Written by Gary Spinelli and directed by Doug Limon, who also directed "Edge of Tomorrow," this is a film that both men and women will enjoy.  I just wish it had a bit more depth to it.

Rosy the Reviewer says...if you are a Tom Cruise fan you will be in Tom Cruise heaven (he's still got it), but even if you are not, this is still an enjoyable adventure film that won't tax your brain too much.


***Some Movies You Might Have Missed***
(And Some You Will Be Glad You Did)!

Streaming and on DVD

Our Souls at Night (2017)

A widow and widower, who have been neighbors for years but never really knew each other, enter into a relationship.

This film is new and can only be seen on Netflix.  It is billed as a Netflix Original, and since I wondered what that actually meant - I mean, did Netflix produce this movie starring two of our most famous actors? - I thought you might wonder too.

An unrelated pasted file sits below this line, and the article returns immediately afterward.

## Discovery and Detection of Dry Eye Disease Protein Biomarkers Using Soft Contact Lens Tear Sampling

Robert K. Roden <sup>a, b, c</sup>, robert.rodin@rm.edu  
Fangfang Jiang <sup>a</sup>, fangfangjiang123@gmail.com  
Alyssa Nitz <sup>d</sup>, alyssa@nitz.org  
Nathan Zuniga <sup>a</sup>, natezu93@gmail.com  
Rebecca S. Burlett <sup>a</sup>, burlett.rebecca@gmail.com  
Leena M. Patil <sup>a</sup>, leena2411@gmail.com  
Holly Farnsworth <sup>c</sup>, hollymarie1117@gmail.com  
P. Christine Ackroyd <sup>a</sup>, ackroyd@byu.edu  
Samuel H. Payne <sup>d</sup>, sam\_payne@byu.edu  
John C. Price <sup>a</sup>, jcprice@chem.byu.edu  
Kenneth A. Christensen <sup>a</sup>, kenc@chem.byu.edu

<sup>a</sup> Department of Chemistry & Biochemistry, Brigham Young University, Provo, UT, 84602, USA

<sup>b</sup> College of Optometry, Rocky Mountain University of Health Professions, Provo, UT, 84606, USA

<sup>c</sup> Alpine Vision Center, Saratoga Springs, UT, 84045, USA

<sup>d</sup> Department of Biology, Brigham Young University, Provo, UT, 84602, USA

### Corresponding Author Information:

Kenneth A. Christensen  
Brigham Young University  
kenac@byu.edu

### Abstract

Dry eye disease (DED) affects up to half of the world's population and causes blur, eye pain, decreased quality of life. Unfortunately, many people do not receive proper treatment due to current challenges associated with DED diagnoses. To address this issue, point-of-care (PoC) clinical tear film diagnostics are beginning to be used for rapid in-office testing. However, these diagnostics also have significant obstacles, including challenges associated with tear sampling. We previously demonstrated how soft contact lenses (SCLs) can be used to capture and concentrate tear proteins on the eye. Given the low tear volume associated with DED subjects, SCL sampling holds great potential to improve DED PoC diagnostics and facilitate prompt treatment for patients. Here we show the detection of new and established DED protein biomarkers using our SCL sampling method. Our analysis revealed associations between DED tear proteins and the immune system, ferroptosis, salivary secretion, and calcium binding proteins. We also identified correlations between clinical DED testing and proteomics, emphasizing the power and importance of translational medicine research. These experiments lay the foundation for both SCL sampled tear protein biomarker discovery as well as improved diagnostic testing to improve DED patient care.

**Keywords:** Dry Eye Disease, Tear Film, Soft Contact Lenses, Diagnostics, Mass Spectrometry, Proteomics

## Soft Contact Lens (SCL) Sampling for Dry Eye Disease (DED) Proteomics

Netflix does produce some of its own content such as "House of Cards."  But other shows such as "Arrested Development" are continuations of cable shows that Netflix bought.  As for this film, it falls into the category of a film that Netflix paid a lot of money for so you couldn't watch it anywhere else.  This movie comes to us via Netflix straight from the Venice Film Festival, and I loved every minute of it.

Louis Moore (Robert Redford) and Addie Waters (Jane Fonda) are neighbors.  They have both lost their spouses and live alone.  Though they both live in a small Colorado town, they never really had much of a relationship.  They knew OF each other, but didn't really know each other.  One day, out of the blue, Addie knocks on Louis's door and proposes to Louis that they start sleeping with each other.

"We are both alone.  We've been on our own for years.  I'm lonely and I'm thinking you might be too."

Now, don't get the wrong idea.  This is NOT about sex.  It's about getting through the night.

"Nights are the worst, don't you think?" she says to Louis. 

And she goes on to ask him if such a proposition would be of interest to him.  They would get into bed together and talk, and then, hopefully, fall blissfully asleep.

Louis is taken aback, naturally, but he says he will think about it.